A couple hundred day laborers marched through Redondo Beach on Wednesday morning to protest the Police Department’s recent crackdown on workers soliciting jobs along city roadways.
After trekking along 190th Street and Pacific Coast Highway, the workers and their advocates gathered for a rally in front of City Hall, where they served Redondo Beach with a federal lawsuit alleging recent police sweeps violated workers’ civil rights.
In the suit filed Tuesday, the Mexican American Legal Defense and Educational Fund and National Day Laborer Organizing Network contend a provision in the city’s Municipal Code banning solicitation of work from streets and sidewalks deprives laborers of their free speech rights.
Chanting “Trabajo si, policia no”—“Work yes, police no”—laborers lined up in front of city offices before a throng of television cameras.
“Looking for work is not a crime,” Pablo Alvarado of the National Day Laborer Organizing Network yelled to the crowd.
Over the past few months, undercover police have arrested 60 laborers at two well-known gathering spots: the intersections of Manhattan Beach Boulevard and Inglewood Avenue, and Artesia Boulevard and Felton Lane.
The sweeps come in response to a barrage of nuisance calls from nearby business owners, said police Sgt. Phil Keenan. Shop owners have said they’ve seen laborers littering, harassing customers and urinating in public.
City officials said the Municipal Code’s intent is to govern the manner in which laborers solicit work—along a street or highway—and is not intended to stifle free speech rights. City Attorney Jerry Goddard said he’ll fight the suit.
“We’re attempting to enforce the ordinance in a legal and constitutional manner that complies with state law,” Goddard said. “We’re trying to prevent groups of people from soliciting (work) and coming into the roadway for jobs.”
But Thomas Saenz, vice president of litigation for MALDEF, said he disputes the city’s decision to prohibit laborers from soliciting on sidewalks. They’re meant to be places where people can express themselves freely, he said.
“We will not let them continue to do that,” he said. “Day laborers go where there’s a demand for work. When you take away sidewalks, it’s much more difficult.”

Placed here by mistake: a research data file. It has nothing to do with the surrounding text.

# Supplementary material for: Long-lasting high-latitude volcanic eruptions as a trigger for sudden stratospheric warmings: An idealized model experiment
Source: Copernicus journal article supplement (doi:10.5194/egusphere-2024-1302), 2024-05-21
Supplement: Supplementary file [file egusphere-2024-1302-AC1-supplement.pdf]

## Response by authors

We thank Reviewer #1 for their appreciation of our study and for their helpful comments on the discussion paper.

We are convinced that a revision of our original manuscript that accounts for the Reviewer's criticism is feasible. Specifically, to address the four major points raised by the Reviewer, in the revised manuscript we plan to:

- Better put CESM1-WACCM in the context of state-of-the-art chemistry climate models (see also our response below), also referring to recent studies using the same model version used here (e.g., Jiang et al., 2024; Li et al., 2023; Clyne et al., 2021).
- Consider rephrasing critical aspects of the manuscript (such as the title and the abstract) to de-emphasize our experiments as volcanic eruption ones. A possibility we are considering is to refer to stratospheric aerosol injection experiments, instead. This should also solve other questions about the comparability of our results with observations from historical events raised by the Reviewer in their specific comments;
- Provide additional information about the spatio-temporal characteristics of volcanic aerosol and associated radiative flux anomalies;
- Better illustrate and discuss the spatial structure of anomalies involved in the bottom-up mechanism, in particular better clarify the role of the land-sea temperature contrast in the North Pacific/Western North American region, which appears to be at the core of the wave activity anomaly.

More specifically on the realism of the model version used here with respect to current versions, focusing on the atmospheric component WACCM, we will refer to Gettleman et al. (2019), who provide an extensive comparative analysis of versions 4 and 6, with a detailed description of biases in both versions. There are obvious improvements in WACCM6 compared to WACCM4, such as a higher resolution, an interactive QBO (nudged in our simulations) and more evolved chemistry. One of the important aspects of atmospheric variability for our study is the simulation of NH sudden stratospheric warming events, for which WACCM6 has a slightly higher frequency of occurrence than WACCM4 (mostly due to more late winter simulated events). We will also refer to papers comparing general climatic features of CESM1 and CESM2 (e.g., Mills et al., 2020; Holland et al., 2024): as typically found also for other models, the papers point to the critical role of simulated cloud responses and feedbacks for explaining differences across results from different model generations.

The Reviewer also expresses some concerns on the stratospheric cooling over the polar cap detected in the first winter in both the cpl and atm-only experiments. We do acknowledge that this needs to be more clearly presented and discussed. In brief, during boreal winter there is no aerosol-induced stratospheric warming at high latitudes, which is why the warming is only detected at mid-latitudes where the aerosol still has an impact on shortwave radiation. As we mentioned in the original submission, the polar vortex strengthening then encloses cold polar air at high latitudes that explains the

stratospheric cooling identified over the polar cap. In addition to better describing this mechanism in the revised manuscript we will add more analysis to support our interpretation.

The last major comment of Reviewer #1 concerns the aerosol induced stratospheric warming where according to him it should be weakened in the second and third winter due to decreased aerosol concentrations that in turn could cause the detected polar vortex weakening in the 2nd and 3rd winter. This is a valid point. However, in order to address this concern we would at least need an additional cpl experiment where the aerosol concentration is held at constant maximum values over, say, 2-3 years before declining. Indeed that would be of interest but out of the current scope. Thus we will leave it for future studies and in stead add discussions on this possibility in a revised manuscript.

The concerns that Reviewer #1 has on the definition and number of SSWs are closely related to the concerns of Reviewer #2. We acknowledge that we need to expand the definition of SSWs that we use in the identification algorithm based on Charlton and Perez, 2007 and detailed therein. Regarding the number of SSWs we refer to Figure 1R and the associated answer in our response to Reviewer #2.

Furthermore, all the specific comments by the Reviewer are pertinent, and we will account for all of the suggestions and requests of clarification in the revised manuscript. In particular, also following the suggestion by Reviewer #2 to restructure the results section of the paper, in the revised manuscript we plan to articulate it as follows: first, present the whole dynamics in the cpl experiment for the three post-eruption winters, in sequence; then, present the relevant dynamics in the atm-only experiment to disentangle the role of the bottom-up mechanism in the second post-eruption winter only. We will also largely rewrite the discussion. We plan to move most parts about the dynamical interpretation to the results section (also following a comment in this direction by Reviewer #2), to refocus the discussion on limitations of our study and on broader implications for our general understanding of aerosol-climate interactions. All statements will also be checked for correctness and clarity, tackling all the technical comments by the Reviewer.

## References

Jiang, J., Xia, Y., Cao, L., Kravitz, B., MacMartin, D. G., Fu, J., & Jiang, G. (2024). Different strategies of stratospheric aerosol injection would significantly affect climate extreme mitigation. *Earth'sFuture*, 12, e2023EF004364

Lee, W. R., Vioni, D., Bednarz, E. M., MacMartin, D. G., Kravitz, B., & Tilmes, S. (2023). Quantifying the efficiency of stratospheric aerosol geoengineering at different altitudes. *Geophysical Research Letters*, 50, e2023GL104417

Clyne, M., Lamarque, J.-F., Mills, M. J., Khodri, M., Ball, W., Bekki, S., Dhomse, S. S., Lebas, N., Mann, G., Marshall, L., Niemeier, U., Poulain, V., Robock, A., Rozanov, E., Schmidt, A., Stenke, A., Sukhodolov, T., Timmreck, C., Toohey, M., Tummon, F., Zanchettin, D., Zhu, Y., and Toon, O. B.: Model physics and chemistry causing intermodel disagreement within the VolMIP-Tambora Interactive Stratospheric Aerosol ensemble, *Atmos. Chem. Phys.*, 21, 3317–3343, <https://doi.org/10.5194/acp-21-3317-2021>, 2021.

The lawsuit contends the city violated workers’ First and 14th amendment rights in the U.S. Constitution, which guarantee the freedoms of speech and assembly and due process.
Redondo Beach police officers did not check the immigration status of any of the detained workers. But Shaheena Ahmad Simons, another MALDEF attorney, emphasized that the First Amendment applies “to all persons within our borders”—even noncitizens.
Furthermore, she argued, the code does not adequately explain the term solicitation.
“I think an argument can be made it doesn’t define ‘solicit’ or ‘attempt to solicit,’ “ Simons said. “It’s not only vague, it’s overly broad.”
Day laborer advocates have been successful in mounting challenges to similar laws in the past. In 2000, a federal judge told a lawyer for Los Angeles County that an ordinance barring day laborers and passing motorists from soliciting each other is vague and may “chill” the right to free speech.
And about two years afterward, the city of Lawndale repealed a similar ordinance.
Most of the men caught in the Redondo Beach sting a few weeks ago were released on $100 bail. Others made court appearances and faced $50 fines, and then were ordered to stay 150 yards away.
The fines may seem minimal, but they’re a hardship on laborers who solicit work each day in order to feed their families, said Braulio Gonzales of Lennox, who was rounded up last month.
Gonzales, 48, of Guatemala said he had to pay more than $300 as a result of the police sting.
When officers coaxed him and some others to a supposed demolition job, Gonzales said, he followed the group in his car. It was towed away, which cost him $185 the first day, plus a late fee when he finally returned to pick it up.
“It’s not fair,” he said. “They lied.”
And it’s the undercover method that upset Oscar Reyes of Hawthorne, a 25-year-old tile setter who searches for work at the corner of Manhattan Beach Boulevard and Inglewood Avenue.
“Right now, I am not going with Anglo-looking persons,” said Reyes, a native of Mexico who came to the United States in 1988.
“There’s another day to make more money, but there’s not another day to erase the humiliation.”
Several years ago Redondo Beach officials began talking about whether to create a job site similar to the Los Angeles Day Laborer Program location in Harbor City. The program administered by the Los Angeles Community Development Department offers a supervised site that matches laborers with employers, offering water and coffee, rest rooms and access to a trailer.
But discussions about creating a site in Redondo on Marine Avenue, near the Metro Green Line station, eventually broke off, City Councilman John Parsons said.
Parsons said he’d consider broaching the subject again, but he was discouraged to hear about the lawsuit.
“Obviously if MALDEF is looking for solutions and would help get these guys out of an area where they really are disturbing the peace,” he said, “I’d rather have them work with us than say ‘We’re going to sue you.’”